Home > Reviews > Shorts > Interview with Gina Kippenbroeck, director of Ensom Cowgirl [Lonely Cowgirl]

Interview with Gina Kippenbroeck, director of Ensom Cowgirl [Lonely Cowgirl]

Saturday 5 February 2022, by Brasserie du Court team, Elise Loiseau

Alone in her apartment, Liv is counting the days until she is reunited with the woman she loves. Accompanied by her audio-tapes, she thinks back on her relationship as the solitude slowly begins to test her mental strength.

How was Ensom cowgirl born?

It started with a feeling and a mood, more than an actual plot or idea for a character. During a long and dark Copenhagen winter, I moved into a new apartment which had a quite dystopian view from the living room window. I did most of my developing and writing while sitting in front of this window, watching the fabric smoke and empty trains passing by. The fact that I did not see any humans or human life from my window created this feeling of alienation, which also affected the script that I was writing. The plot grew bigger and more doomsday-like. I realized that I was writing a plot driven dystopian sci-fi, which had not really been in my original plans and had difficulties connecting with the project on a personal level. Suddenly, the world really closed because of the pandemic. The story that I had already been developing for a couple of months felt uncomfortably realistic. This gave me the chance to bring the story in a more subjective and character driven direction, as I myself and the rest of the world were experiencing actual isolation.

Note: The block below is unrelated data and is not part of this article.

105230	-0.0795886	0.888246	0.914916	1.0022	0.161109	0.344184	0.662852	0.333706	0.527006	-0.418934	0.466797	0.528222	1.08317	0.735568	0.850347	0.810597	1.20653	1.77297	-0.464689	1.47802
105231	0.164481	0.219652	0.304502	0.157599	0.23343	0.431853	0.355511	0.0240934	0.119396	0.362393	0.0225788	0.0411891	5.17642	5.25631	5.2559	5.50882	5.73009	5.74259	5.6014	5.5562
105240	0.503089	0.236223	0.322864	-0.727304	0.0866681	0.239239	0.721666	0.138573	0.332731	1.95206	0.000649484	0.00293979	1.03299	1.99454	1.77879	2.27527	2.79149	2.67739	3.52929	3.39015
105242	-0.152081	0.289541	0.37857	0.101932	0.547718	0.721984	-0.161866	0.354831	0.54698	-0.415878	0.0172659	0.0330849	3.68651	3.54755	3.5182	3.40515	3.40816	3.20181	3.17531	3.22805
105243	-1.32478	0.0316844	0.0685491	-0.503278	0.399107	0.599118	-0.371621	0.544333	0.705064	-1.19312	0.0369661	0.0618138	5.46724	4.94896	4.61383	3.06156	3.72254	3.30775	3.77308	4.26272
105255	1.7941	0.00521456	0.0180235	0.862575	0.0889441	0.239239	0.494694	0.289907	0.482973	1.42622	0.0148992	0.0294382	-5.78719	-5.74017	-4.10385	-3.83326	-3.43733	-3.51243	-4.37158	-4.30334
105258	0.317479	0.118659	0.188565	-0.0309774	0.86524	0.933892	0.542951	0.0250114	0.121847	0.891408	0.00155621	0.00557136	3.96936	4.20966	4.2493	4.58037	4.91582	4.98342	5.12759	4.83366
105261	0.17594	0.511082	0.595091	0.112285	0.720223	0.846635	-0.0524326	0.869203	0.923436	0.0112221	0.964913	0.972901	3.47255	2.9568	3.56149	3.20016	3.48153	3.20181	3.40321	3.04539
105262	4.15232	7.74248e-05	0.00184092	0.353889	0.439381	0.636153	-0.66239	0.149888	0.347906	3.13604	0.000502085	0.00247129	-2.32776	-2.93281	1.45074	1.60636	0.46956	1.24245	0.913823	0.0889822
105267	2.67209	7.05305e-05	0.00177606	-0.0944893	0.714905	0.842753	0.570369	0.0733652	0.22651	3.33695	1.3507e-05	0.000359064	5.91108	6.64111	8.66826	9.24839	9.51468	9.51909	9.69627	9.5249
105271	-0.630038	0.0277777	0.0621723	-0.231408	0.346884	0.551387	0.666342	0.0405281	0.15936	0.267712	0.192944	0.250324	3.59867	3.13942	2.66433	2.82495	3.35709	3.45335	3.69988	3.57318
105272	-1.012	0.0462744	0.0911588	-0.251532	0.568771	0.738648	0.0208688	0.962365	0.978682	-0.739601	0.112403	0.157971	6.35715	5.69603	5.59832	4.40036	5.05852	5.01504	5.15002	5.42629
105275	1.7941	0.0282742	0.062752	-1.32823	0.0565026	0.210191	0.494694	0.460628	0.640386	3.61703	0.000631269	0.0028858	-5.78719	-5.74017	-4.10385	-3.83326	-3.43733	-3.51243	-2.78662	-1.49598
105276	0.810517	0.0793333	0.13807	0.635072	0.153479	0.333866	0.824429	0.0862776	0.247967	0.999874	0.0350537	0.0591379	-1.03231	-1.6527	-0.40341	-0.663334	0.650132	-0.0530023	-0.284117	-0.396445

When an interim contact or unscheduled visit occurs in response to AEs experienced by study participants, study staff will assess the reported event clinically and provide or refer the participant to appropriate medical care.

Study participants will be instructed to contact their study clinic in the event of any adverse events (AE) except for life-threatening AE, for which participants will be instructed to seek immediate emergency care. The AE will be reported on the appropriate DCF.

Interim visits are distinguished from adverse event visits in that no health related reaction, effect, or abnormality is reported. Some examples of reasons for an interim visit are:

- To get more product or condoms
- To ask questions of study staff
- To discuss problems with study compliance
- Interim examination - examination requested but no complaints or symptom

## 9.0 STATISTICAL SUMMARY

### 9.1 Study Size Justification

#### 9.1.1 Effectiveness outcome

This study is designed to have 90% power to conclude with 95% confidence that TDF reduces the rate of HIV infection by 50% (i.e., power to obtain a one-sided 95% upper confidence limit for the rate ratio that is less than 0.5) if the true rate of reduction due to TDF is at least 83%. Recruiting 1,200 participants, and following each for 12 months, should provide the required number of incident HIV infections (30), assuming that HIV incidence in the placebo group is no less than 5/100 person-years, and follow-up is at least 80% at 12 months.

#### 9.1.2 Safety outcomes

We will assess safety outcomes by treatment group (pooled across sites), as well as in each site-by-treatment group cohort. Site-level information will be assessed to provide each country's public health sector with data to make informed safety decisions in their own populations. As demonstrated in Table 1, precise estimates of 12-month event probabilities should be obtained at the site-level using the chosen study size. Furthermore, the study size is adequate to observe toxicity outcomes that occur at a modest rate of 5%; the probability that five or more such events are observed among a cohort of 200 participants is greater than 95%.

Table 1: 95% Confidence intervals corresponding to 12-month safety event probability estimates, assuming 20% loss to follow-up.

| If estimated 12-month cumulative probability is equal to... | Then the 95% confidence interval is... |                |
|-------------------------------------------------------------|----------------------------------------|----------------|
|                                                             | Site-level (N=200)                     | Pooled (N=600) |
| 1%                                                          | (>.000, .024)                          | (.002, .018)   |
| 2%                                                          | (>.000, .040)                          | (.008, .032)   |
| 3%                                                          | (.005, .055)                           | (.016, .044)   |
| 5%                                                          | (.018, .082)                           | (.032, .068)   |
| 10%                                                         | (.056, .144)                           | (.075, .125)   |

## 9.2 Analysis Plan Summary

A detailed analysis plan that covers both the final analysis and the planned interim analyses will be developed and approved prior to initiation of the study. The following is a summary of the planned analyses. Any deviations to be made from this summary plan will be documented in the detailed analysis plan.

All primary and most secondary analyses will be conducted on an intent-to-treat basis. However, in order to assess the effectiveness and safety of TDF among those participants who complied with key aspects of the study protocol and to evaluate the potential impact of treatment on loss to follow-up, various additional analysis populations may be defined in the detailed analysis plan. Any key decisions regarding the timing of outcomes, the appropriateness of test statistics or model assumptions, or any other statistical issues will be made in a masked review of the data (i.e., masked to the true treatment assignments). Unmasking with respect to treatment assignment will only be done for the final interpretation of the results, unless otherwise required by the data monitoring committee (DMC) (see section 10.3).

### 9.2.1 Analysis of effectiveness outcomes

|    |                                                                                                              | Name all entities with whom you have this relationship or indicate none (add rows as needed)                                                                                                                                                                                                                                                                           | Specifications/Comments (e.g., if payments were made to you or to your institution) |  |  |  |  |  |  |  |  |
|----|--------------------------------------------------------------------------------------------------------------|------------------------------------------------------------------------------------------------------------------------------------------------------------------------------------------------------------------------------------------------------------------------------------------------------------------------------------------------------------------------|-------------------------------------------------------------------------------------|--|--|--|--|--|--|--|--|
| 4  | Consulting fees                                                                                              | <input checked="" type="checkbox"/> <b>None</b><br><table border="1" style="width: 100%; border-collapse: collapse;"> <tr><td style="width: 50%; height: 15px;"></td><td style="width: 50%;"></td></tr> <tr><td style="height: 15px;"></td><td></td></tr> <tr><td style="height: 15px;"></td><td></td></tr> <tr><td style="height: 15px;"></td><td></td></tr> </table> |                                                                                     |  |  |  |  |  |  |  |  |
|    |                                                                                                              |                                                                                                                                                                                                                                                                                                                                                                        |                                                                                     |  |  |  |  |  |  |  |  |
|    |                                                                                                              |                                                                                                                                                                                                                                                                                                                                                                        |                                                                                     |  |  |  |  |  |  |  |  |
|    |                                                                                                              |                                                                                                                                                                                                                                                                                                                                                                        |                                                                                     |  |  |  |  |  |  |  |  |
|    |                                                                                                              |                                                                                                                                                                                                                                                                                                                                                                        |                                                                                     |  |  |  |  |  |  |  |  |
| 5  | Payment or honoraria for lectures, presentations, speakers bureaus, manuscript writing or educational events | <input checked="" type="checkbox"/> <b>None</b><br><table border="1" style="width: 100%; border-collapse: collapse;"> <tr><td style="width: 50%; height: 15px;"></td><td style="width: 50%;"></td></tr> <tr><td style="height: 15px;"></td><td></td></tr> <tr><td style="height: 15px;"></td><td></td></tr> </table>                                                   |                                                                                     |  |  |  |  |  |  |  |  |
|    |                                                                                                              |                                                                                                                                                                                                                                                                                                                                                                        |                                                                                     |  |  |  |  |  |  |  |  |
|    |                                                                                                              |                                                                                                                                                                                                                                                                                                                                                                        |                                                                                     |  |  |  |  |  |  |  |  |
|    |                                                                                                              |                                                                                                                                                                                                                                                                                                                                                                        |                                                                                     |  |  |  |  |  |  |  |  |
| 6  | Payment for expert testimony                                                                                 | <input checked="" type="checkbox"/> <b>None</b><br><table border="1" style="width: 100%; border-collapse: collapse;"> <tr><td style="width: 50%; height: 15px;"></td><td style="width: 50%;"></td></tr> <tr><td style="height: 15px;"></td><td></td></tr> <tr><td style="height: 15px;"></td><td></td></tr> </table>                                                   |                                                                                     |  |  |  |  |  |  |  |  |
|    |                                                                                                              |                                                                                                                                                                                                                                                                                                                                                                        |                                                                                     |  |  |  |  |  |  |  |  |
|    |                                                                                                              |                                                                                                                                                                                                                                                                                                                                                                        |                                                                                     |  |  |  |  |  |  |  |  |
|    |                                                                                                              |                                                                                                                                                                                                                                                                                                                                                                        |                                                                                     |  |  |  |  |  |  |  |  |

The film deals with longing, desire, and loneliness. Would you say it’s easy to capture these feelings on screen? What draws you to such topics?

It started a little bit as a challenge that we wanted to experiment with different ways of visualizing the topics of the film. How does longing, desire and loneliness feel like, and how can we make the film look and sound like these feelings? This is something that we had a lot of focus on throughout the whole process. It turned out to be complicated, as I find these feelings quite often come as a result of emptiness and lack of interaction and drama. We wanted to tell a story where there was room for this void of emptiness that takes place post a big dramatical event and follows a character for whom the world suddenly stands still. Still the story needed some progression and drama to drive it forward. It was difficult to balance the want for freedom to focus on expressing feelings and moods, but also have a storyline that somehow made sense in terms of the progression of the story. Our solution became these old audio tapes that she listens to and the dream sequences we experience with her. They are an attempt to invite us in on her senses and emotions, which are important. I tend to find myself interested in both when I watch and make films. I think they are present in most people’s lives, but for me they are some of the hardest emotions to find enough logistics within to be able to put words on. You can stand in a room full of people you love, and still feel lonely. Some of us have everything we need and think we want, but still feel longing towards something else, something different. What I find magical about film is the capacity to show how complicated these feelings can be, without having to try to describe them with words. I don’t know if we succeeded with this, but it is always something I am striving for when I make a film.